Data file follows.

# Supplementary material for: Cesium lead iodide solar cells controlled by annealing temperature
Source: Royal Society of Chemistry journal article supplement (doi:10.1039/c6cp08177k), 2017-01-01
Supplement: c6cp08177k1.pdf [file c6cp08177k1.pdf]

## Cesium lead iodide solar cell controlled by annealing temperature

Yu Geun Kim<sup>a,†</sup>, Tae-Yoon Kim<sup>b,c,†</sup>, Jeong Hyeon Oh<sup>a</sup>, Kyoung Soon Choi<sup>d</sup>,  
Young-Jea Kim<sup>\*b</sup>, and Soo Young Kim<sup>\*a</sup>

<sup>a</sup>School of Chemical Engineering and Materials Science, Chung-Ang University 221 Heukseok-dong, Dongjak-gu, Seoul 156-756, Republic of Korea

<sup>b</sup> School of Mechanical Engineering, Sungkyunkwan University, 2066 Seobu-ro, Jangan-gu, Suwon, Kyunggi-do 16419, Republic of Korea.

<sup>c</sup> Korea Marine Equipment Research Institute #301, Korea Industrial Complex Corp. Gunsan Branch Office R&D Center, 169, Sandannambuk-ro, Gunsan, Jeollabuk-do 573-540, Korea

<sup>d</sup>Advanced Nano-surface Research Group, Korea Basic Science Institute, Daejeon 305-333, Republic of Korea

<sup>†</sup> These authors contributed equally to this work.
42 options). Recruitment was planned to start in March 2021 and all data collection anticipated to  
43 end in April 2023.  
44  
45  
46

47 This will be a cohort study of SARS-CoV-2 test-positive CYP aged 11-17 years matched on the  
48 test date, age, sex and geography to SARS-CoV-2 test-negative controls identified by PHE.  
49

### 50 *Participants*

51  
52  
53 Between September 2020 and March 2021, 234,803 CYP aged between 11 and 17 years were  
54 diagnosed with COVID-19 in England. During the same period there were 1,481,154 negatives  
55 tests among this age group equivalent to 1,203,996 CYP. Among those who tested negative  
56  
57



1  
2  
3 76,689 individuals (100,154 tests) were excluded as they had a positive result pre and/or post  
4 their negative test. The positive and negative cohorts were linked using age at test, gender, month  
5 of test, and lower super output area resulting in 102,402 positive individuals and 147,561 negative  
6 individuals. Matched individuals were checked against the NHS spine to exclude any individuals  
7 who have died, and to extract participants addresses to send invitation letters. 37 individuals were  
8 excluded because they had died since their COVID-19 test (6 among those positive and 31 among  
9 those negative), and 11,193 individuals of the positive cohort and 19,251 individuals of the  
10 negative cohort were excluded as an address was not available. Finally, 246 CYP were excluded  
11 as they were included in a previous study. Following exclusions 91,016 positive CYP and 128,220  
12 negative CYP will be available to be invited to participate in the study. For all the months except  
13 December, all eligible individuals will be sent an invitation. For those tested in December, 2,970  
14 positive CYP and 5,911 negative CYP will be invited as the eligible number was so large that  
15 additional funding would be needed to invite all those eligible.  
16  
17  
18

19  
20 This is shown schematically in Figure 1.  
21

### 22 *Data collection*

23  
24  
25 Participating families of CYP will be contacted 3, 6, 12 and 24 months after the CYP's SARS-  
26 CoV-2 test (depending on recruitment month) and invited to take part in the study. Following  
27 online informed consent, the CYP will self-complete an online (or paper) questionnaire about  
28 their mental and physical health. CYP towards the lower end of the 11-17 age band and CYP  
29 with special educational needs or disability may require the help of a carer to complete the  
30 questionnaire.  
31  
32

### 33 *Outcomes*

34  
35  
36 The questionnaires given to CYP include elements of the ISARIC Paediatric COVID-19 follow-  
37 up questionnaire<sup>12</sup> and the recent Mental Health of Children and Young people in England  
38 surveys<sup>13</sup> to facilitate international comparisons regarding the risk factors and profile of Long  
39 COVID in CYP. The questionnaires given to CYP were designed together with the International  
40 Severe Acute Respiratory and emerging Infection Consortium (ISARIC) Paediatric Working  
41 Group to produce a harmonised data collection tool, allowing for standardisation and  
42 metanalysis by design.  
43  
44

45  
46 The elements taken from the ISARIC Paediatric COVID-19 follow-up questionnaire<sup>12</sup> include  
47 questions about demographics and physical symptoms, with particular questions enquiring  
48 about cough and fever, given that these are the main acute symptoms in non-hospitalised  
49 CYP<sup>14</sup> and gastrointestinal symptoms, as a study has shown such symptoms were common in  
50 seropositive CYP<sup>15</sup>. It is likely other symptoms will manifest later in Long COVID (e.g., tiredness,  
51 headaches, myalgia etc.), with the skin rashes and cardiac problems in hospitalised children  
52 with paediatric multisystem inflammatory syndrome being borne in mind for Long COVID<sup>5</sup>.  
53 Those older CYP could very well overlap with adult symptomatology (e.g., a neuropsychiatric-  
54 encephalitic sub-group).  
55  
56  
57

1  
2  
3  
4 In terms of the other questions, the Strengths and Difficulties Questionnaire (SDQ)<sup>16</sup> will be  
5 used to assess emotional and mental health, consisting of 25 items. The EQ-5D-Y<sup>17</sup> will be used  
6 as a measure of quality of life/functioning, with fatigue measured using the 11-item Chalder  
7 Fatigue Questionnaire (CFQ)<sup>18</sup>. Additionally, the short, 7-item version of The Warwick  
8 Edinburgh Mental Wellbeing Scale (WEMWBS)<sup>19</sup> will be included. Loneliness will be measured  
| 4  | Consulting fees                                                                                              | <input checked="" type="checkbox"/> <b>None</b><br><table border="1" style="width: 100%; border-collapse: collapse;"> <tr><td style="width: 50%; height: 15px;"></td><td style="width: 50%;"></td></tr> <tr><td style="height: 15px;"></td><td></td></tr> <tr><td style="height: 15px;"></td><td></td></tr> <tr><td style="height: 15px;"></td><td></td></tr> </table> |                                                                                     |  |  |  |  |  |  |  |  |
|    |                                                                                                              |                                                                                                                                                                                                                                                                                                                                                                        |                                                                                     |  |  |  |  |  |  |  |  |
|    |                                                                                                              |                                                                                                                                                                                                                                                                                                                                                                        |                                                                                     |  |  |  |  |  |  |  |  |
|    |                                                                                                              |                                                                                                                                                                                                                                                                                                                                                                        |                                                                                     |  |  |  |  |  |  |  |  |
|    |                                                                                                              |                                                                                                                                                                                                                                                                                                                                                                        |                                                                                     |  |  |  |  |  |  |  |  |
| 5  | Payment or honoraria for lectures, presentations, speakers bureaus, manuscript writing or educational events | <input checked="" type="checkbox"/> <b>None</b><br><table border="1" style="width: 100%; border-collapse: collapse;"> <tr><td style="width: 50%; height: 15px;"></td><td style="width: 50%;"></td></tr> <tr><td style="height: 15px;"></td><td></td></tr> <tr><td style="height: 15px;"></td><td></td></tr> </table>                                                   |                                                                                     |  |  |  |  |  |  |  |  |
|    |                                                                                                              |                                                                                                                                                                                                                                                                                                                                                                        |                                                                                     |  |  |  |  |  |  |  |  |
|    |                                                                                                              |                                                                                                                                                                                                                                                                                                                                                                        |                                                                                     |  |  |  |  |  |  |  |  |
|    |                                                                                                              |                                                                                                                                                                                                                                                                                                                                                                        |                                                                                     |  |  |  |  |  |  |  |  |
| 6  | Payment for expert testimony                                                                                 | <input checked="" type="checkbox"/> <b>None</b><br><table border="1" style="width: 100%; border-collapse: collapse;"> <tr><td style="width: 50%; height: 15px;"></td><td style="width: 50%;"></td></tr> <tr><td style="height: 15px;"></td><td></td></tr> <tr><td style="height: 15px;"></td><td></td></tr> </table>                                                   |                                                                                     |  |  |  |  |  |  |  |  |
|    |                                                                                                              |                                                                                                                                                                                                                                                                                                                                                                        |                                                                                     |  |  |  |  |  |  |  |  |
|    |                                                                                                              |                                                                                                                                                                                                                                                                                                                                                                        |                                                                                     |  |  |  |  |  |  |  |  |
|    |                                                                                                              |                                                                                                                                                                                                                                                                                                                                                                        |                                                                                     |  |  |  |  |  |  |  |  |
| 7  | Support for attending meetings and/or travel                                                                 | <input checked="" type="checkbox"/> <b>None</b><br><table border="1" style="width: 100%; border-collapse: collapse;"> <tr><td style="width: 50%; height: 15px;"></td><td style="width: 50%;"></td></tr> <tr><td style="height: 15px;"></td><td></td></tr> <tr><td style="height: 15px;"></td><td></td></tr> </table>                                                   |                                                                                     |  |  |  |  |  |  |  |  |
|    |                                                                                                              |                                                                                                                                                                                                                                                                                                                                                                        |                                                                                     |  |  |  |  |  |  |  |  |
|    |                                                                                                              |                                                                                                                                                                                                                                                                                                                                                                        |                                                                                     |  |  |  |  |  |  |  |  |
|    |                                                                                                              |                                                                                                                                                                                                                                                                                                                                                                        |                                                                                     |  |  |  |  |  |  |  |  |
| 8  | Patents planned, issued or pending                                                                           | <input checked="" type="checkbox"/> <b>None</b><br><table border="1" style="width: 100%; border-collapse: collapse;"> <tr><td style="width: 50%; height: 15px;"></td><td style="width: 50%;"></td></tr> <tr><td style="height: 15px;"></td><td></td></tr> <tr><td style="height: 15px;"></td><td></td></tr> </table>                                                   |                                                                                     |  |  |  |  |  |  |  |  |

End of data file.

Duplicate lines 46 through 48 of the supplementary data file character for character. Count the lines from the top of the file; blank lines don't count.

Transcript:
19  
20 This is shown schematically in Figure 1.  
21